How You Can Avoid Investment Fraud

February 2009

In the wake of what appears to be the biggest investment fraud in history, perpetuated by famed investor Bernie Madoff, it is important to know how to make sure this will never happen to you. As with many things in life, a little common sense will go a long way. Here are some rules to follow:

  1. Avoid Illiquid InvestmentsA liquid investment gives you the ability to get your money whenever you want. Some investments that have the most cache (private equity, venture capital, and hedge funds) also require long lock up periods – periods of time when you cannot redeem your money. The period could be anywhere from one to ten years. A lot can happen in that time. Then, when you are allowed to redeem your money, there are usually limited windows each year (as frequently as once per quarter, but often just once per year). If there is any chance you may want or need your money before the lock up period is over you should not even think about investing.
  2. Demand TransparencyThe hedge fund world is relatively unregulated and notoriously secretive. Investors receive few reports as to their account value, and even less information as to how their money is invested. When they do receive information investors must rely on statements created by the hedge fund itself (as opposed to a statement from an independent third party). This is referred to as a lack of transparency, which presents many problems.If you only receive statements quarterly (perhaps even less) it becomes difficult, if not impossible, to judge the underlying risk of your investment. The far bigger problem is confidence in the validity of the information provided. Without independent third party statements you are simply taking their word for it. We want to trust that our advisor is honest, but we can’t afford to wake up one day to find that the account information provided is false.

    How can you avoid this? Only invest where you will receive a valuation from an independent third party at least quarterly. As a Registered Investment Advisor I manage assets. I do not, however, possess the funds. The money is held at firms such as Fidelity or TD Ameritrade. My clients certainly receive statements from me each quarter on my letterhead, but I am not their only source of information. Fidelity and TD Ameritrade send them monthly statements and trade confirmations. They can also use the internet or call the custodian anytime to view their account value and holdings.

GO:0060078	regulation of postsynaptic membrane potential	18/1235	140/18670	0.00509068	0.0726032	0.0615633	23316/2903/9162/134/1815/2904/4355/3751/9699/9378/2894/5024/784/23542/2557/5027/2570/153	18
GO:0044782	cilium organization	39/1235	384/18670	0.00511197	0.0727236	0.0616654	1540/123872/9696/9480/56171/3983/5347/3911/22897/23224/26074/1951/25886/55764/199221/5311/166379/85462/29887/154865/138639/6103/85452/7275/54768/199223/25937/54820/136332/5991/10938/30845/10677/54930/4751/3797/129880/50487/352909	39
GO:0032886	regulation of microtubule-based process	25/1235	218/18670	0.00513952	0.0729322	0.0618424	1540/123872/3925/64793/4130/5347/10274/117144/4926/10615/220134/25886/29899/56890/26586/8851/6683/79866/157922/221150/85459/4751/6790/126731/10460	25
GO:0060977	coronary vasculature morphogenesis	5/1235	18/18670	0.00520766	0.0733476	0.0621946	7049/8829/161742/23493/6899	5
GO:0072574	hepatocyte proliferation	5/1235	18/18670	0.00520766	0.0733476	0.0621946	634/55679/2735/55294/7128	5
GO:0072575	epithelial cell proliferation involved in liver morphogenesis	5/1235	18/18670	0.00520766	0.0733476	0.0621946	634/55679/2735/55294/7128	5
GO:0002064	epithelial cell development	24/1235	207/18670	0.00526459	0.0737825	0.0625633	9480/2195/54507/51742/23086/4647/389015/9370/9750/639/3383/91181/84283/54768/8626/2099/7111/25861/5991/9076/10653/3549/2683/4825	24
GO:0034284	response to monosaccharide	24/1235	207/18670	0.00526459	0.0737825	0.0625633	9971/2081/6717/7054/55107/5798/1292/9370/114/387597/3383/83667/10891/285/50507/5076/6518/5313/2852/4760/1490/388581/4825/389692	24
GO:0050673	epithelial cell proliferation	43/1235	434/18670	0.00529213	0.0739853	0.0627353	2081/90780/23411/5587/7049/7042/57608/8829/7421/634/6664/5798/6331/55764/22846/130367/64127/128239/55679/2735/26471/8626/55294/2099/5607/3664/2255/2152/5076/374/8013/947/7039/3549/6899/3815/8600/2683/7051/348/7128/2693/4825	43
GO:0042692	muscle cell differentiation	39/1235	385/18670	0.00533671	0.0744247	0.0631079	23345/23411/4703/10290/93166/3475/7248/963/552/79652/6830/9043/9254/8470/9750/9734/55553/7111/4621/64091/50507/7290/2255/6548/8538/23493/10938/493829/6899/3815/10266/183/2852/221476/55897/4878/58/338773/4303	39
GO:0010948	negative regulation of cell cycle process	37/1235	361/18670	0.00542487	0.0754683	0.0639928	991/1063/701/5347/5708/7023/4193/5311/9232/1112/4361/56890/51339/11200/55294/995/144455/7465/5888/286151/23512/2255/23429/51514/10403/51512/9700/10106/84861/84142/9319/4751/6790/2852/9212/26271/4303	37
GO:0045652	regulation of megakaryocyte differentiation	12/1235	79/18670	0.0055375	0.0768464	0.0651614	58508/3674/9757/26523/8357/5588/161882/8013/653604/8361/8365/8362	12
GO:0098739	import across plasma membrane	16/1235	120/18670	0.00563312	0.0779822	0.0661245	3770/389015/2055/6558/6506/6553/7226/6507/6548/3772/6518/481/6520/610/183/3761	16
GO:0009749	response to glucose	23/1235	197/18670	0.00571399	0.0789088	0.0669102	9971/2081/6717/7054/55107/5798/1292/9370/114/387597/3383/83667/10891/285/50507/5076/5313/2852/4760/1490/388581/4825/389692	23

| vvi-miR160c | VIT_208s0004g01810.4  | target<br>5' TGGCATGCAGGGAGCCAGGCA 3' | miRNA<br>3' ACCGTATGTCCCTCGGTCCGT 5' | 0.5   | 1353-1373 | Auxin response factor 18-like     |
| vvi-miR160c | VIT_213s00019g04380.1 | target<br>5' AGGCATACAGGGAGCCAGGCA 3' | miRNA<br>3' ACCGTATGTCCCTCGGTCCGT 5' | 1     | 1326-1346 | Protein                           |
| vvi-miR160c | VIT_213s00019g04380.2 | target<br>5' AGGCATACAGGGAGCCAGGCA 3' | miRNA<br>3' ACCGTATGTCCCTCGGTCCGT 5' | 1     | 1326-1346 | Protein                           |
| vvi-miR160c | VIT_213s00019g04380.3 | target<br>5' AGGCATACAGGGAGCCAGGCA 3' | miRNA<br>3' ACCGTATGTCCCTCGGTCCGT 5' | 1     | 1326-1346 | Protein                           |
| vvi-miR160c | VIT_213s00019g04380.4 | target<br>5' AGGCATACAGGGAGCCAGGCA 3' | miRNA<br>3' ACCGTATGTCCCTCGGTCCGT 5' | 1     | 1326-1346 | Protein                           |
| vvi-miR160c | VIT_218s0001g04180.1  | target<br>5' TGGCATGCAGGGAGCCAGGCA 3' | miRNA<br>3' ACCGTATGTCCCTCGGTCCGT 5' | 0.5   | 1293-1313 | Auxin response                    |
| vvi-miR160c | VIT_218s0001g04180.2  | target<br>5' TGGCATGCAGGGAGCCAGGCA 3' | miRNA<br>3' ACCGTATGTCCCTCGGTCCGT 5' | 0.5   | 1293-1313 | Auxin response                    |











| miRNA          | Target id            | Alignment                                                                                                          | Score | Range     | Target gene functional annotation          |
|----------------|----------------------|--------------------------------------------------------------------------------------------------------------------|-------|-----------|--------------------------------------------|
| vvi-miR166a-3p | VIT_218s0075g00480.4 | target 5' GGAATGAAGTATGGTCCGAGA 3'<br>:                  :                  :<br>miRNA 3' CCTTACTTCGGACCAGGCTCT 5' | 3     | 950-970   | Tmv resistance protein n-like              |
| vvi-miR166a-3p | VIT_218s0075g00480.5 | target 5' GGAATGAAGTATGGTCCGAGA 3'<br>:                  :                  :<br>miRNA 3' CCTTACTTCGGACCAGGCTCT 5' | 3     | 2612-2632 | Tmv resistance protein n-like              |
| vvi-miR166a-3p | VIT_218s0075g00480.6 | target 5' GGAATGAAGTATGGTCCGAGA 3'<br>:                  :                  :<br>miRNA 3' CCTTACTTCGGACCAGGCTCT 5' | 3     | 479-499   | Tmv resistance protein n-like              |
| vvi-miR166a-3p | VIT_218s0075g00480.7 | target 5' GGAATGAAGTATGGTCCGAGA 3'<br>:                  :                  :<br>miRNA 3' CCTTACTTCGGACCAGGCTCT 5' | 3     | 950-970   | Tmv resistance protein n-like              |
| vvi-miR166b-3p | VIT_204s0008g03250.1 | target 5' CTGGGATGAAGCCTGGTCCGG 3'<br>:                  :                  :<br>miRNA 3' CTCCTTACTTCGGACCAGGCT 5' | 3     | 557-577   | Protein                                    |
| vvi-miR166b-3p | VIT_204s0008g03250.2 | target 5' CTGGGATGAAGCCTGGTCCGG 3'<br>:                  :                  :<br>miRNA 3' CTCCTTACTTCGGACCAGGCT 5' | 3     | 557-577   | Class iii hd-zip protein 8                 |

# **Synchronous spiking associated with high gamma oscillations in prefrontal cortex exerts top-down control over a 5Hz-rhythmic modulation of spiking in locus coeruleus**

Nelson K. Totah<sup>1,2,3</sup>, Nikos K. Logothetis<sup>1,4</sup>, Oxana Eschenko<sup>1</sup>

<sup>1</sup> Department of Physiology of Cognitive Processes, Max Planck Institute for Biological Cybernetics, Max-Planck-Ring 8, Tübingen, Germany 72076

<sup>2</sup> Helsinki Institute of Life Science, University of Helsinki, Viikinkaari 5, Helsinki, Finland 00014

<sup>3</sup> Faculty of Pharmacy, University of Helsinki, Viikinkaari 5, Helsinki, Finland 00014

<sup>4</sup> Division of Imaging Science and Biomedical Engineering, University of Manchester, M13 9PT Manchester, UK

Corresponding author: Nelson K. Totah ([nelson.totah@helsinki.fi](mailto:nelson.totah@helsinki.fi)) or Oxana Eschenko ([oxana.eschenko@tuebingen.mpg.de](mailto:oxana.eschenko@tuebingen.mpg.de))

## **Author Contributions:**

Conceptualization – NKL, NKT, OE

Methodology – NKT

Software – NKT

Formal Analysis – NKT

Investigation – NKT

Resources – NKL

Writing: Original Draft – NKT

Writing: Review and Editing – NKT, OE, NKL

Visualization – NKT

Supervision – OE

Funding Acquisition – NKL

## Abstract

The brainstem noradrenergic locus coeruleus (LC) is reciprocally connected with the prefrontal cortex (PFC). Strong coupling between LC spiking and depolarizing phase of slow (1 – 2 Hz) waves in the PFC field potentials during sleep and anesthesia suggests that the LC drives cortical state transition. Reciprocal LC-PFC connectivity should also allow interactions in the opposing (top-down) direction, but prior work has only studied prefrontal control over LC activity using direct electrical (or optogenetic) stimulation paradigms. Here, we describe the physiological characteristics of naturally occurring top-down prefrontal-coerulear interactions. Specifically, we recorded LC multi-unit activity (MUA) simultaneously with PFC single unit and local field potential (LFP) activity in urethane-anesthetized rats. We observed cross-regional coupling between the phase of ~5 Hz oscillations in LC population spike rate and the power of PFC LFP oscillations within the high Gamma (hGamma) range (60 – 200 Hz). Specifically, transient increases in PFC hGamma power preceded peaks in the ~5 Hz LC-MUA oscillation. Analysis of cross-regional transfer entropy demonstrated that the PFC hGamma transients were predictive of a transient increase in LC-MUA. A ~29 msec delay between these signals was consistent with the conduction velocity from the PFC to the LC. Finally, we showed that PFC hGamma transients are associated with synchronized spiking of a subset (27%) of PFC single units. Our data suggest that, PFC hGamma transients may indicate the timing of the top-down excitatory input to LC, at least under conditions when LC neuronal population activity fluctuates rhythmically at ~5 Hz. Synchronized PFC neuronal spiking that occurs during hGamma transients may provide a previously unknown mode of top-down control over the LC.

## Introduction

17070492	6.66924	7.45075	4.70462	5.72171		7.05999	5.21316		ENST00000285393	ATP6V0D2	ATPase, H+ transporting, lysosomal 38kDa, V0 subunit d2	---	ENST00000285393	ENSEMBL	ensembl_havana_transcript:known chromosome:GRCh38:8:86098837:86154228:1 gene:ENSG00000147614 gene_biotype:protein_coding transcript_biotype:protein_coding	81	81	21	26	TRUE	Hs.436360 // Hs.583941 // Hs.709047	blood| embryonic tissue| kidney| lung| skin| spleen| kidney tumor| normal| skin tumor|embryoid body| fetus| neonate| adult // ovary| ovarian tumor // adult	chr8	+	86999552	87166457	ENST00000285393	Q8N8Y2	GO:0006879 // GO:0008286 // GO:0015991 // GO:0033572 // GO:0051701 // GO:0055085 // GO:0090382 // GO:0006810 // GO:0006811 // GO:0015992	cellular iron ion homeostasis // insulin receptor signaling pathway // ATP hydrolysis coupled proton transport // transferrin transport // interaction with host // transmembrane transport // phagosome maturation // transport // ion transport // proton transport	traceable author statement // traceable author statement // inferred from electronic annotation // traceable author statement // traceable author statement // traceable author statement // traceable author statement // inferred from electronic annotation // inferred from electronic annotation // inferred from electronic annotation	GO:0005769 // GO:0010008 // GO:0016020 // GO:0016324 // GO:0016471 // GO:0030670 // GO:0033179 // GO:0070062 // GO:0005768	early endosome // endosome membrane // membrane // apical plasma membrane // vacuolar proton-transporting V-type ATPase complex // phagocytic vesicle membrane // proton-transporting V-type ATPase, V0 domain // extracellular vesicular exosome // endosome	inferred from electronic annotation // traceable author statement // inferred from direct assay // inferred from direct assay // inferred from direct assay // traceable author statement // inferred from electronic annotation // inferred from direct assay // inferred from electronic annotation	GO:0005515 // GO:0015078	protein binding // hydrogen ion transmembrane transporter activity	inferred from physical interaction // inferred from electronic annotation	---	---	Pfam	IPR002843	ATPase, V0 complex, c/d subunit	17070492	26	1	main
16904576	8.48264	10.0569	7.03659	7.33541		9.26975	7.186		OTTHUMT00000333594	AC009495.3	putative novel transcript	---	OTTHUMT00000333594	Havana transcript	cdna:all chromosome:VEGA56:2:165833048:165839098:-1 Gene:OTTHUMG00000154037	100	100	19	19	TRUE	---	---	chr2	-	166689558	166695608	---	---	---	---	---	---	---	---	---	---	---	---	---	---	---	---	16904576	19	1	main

3. Don’t Abdicate ControlEvery so often you hear about this with high profile actors or sports figures, but it can happen to anyone. These are very busy people who trust their manager to direct their financial affairs. In order to direct these affairs the manager needs a power of attorney on the client’s accounts. Then, somewhere down the line, the client is surprised to learn that their money is gone. To avoid this, do not give anyone the ability to transfer money out of your accounts without your permission and signature. Yes it takes a bit more of your time and effort, and it requires you to be aware of your finances, but that’s a good thing!
  4. Always be DiversifiedA fundamental principles of investing, perhaps the most basic, is diversification. Proper diversification dictates that to reduce risk you should spread your money among various types of investments. Most hedge funds (or private equity or venture capital) require minimum commitments of hundreds of thousands of dollars if not multiple millions. In order to be properly diversified you need a variety of these investments (not to mention a solid base of more traditional investments such as stocks and bonds). There is a reason that such investments are recommended mostly to ultra high net worth investors – because they can invest in multiple funds with a relatively modest portion of their investable assets. These investments can go horribly wrong, even if there is no fraud. Ultra high net worth investors can afford to have one or two of these investments blow up as long as others do well. They can also afford to be patient and wait years before some investments bear fruit.Will this limit your ability to invest in certain desirable, sexy investments such as hedge funds, private equity, and venture capital? Probably. There is a saying for this type of investment: If you can’t afford to lose your investment then you shouldn’t invest in the first place. Can you? As a rule of thumb, you shouldn’t invest if the minimum investment requires more than 10% of your investable assets.

I do feel sorry for that retired couple in Florida who had their entire $1mm nest egg invested with Bernie Madoff, but the bottom line is they violated every one of the rules above.

Happily, it is easier than ever to gain access to many alternative investments (commodities, long/short funds, market neutral funds, currency funds, etc) previously unreachable by the average investor. More and more alternative mutual funds and exchange traded funds (ETFs) are available today that were not available just five years ago. Most investors would be better off sticking with them.

Daniel J. Traub is president of Tempo Financial Advisors, LLC and can be reached at


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